Dear Love Me Guru,
My name is Ryan, and I’m in love with Kate. I met Kate a couple of months ago, and from the moment I met her, I knew she meant more to me than other women. Thankfully she agreed to go out with me when I invited her to a concert. It happened to be one of her favorite bands too. So that helped solidify our common ground.
I kept asking Kate out, and she kept saying yes. The more I got to know Kate, the more fascinated and in love I became with her. We shared things with each other that we hadn’t shared with anyone else. It was like finally finding a companion who was willing to explore with me the emotional landscape of each of our lives.
But then, all of a sudden, Kate hit the breaks and put me in the friend zone. That really messed with me because I didn’t understand what was happening. I still don’t understand. Why would Kate put me in the friend zone when clearly she has feelings for me? Why would I fall in love with Kate if she wasn’t going to reciprocate?
Not only am I confused. I’m hurting. My heart aches because I love this person who apparently doesn’t love me back. The more I try to win Kate over, the more she pulls back. It’s a double loss because I’m losing the person I love, and a great friend. What can I do?
Remember way back in elementary school, there was always a boy who spent recess chasing girls and pinching them because he liked those girls? But the boy never understood that the girls didn’t really like him. They just liked the game of being chased. Are you being that boy?
The Chasing Game
I’m not making light of your pain. Far from it. I’ve experienced the pain of unrequited love a number of times in my own life, and know it is as real as any physical suffering. Experience has taught me that sometimes love goes unreciprocated because you’re playing “the chasing game.”
In the chasing game, you pursue someone who wants to be chased. They show interest in playing the game, they coax you a bit to start chasing, and pretty soon you’re running around trying to “catch” this person or “win them over.” You try all sorts of maneuvers and strategies: being the friend, being the alpha, being the jerk, being aloof. But the more you try, the more the person moves away from you. And pretty soon, you are left confused, frustrated, and hurt. You wonder why nothing is working, and why the person doesn’t feel the same way about you. You may even wonder if there is something wrong with you.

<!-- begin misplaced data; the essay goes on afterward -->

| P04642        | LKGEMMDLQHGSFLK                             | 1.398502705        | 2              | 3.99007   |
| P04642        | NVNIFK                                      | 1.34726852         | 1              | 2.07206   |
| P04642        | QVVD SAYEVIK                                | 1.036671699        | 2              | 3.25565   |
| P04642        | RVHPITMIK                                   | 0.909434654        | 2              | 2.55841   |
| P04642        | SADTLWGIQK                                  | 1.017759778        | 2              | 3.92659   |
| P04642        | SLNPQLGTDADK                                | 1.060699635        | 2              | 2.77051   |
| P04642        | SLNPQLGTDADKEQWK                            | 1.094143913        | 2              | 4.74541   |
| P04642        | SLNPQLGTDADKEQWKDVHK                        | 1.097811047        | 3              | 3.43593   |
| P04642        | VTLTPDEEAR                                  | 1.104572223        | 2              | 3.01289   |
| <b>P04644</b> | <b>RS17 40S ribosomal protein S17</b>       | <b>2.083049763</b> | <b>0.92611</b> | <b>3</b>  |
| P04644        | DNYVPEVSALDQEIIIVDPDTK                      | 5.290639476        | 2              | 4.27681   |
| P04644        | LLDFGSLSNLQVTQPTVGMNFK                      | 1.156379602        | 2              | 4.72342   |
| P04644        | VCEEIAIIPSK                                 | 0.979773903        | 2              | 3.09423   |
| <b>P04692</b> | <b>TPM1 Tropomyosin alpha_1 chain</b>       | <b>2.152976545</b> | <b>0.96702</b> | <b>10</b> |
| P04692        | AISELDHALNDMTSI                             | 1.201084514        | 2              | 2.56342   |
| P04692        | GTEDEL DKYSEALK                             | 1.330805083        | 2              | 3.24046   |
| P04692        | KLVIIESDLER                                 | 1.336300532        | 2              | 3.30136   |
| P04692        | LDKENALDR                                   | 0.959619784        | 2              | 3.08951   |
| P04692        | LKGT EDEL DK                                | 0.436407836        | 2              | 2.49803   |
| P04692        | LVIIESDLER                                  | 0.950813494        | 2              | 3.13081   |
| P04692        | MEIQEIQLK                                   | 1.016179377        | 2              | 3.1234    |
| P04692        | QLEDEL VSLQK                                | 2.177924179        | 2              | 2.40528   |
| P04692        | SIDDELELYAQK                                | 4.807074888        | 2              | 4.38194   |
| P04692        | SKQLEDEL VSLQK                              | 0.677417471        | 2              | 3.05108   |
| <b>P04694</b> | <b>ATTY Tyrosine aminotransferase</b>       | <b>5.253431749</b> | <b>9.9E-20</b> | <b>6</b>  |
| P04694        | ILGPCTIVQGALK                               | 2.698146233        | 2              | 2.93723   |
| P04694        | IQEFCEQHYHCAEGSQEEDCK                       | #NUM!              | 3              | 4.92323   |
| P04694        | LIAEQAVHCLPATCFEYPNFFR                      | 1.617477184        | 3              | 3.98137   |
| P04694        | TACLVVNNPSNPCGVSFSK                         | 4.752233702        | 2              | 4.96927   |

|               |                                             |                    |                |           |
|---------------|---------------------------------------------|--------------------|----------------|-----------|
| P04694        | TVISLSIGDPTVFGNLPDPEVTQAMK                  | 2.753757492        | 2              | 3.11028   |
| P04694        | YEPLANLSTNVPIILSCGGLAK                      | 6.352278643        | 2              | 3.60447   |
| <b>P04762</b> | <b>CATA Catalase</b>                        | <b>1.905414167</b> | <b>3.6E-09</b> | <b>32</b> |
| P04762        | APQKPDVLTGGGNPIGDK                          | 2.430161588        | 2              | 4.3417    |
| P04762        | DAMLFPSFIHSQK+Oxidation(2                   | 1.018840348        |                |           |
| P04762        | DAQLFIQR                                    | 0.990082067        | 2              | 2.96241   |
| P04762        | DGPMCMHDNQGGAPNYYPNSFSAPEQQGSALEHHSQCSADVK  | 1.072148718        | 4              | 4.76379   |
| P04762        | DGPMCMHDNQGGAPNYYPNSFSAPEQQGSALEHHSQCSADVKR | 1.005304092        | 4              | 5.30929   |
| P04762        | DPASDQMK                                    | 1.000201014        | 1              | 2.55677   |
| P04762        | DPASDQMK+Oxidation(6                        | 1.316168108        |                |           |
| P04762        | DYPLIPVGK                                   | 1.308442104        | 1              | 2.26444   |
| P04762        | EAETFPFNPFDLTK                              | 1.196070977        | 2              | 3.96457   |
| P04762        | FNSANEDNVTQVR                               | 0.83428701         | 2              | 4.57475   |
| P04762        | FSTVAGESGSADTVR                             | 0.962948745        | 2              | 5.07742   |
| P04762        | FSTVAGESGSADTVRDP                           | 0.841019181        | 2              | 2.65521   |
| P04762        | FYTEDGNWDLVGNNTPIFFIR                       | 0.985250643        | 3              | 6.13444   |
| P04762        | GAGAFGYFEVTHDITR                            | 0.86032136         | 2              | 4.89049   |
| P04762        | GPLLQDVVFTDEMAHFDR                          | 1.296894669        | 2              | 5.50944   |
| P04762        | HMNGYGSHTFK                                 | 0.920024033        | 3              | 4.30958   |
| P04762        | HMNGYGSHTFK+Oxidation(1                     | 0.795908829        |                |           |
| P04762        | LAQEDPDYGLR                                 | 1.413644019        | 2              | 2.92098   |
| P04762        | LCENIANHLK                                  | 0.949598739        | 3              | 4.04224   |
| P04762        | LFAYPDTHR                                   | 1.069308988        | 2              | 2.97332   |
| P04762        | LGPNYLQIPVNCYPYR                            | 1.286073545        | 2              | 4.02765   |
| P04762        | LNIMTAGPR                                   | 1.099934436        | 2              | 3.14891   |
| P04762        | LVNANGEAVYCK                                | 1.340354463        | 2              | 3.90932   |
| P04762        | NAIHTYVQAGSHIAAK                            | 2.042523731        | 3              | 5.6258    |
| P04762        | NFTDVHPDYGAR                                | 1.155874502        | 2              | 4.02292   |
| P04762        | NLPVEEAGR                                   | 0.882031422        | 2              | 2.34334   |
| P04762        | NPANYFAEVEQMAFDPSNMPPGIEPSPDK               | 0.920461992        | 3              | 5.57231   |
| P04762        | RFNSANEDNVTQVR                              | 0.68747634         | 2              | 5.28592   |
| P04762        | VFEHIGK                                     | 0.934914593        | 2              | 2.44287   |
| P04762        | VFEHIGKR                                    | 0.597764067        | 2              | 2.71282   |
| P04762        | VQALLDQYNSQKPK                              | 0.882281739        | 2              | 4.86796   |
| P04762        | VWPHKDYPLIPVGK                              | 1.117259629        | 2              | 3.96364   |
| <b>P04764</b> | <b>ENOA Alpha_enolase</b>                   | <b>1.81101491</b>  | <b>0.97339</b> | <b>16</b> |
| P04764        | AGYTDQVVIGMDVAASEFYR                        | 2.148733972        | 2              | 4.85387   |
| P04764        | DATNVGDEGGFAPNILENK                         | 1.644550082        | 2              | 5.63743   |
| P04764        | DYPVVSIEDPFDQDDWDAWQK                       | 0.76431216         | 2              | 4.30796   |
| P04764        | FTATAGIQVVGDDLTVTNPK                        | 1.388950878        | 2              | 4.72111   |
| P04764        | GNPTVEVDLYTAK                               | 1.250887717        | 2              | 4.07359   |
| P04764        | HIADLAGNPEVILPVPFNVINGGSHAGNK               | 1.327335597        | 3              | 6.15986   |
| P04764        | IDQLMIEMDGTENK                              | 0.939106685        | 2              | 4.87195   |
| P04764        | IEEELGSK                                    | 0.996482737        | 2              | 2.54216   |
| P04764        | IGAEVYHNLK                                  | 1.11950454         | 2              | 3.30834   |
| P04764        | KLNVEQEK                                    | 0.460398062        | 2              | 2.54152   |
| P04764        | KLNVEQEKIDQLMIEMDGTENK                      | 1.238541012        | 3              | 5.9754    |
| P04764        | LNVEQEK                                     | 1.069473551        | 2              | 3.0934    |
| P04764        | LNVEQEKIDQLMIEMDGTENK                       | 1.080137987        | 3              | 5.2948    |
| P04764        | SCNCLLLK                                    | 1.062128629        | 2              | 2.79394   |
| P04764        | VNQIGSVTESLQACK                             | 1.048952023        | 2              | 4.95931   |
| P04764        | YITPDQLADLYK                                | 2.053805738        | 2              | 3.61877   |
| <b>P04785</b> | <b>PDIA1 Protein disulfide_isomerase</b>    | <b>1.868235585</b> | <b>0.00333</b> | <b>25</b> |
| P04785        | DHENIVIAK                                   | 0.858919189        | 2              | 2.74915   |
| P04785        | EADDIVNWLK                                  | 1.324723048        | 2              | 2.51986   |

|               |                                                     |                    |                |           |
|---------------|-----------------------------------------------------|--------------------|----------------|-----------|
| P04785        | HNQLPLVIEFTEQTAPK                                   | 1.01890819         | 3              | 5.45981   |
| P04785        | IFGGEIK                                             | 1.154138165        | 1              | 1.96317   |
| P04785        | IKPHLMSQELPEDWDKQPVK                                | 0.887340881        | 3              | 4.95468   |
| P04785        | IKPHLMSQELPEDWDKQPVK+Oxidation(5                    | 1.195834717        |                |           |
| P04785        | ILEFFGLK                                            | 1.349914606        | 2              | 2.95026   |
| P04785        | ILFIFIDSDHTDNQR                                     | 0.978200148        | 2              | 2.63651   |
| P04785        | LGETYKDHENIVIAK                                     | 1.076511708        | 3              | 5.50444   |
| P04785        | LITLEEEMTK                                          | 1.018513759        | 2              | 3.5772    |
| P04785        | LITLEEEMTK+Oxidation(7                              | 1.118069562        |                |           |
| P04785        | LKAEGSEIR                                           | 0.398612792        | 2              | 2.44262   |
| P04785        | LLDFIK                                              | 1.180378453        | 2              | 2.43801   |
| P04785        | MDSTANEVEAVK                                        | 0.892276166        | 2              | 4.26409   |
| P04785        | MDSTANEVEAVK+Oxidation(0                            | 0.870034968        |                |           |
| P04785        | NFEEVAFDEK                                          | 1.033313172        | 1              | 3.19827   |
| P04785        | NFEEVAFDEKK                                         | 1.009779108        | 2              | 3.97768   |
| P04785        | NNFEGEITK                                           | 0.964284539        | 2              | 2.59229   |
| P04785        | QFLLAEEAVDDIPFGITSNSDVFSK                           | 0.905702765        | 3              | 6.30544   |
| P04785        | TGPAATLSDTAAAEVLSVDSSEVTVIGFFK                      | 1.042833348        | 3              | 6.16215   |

The truth is that person never intended to love you.
The Giving Game
Love isn’t about chasing someone or “finding the one.” Love is about one thing and one thing only: GIVING.
You must first give love to yourself. If you don’t, you won’t have any love to give to others. This is the first place where love goes unreciprocated. A person who doesn’t give love to herself will only take love, and will never be satisfied with what she takes. That person will just take more and more, and in taking, love becomes unidirectional and unreciprocated. The focus becomes, what am I getting from this person? Or, what am I not getting from this person? And that is where the pain of unreciprocated love manifests itself. In the not getting.
If you haven’t already done so, learn to give love to yourself.
Once you’re able to give love to yourself, then you’re ready to give love to others. But just because you’re ready to give love to others, doesn’t mean that they are ready to give love to you. This is the second spot where unreciprocated love manifests. You can give and give and give, but if the person isn’t giving back, you’ll soon be focusing on what you’re not getting, and the suffering of unreciprocated love will take root in your heart.
My personal belief is that love must be given freely. We just need to be wise about giving love to those who are not ready to give back in kind. Be wise about the measure of your love. It is incredibly difficult to measure your love when it flows freely for one person. But if that person is unable to give back, you must find a way to hold back. Otherwise, you will be hurting from unreciprocated love.
The highest expression of love is giving. And when two people give to each other in kind, that is greatest love.
In economics, equilibrium is the principle where supply and demand are matched up equally. One is not valued over the other. Love requires equilibrium. If one side is valued more over the other, there will be some measure of unreciprocated love.But when two people value the love of the other equally, and give that love in kind, then there is equilibrium, and love can flourish.
You will find that as you give love freely, in the measure that others are able to give back, your life will be filled with love, and the problem of unreciprocated love will resolve itself.
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THANK YOU FOR READING!
Dear Love Me Guru is written for the Love Me Run blog. The writer, Limhi Montoya, is the most authentic coach in the world.
If you’d like to submit a question or comment for the blog, or want to learn how to thrive now, write to email@example.com or visit www.theauthentic.coach.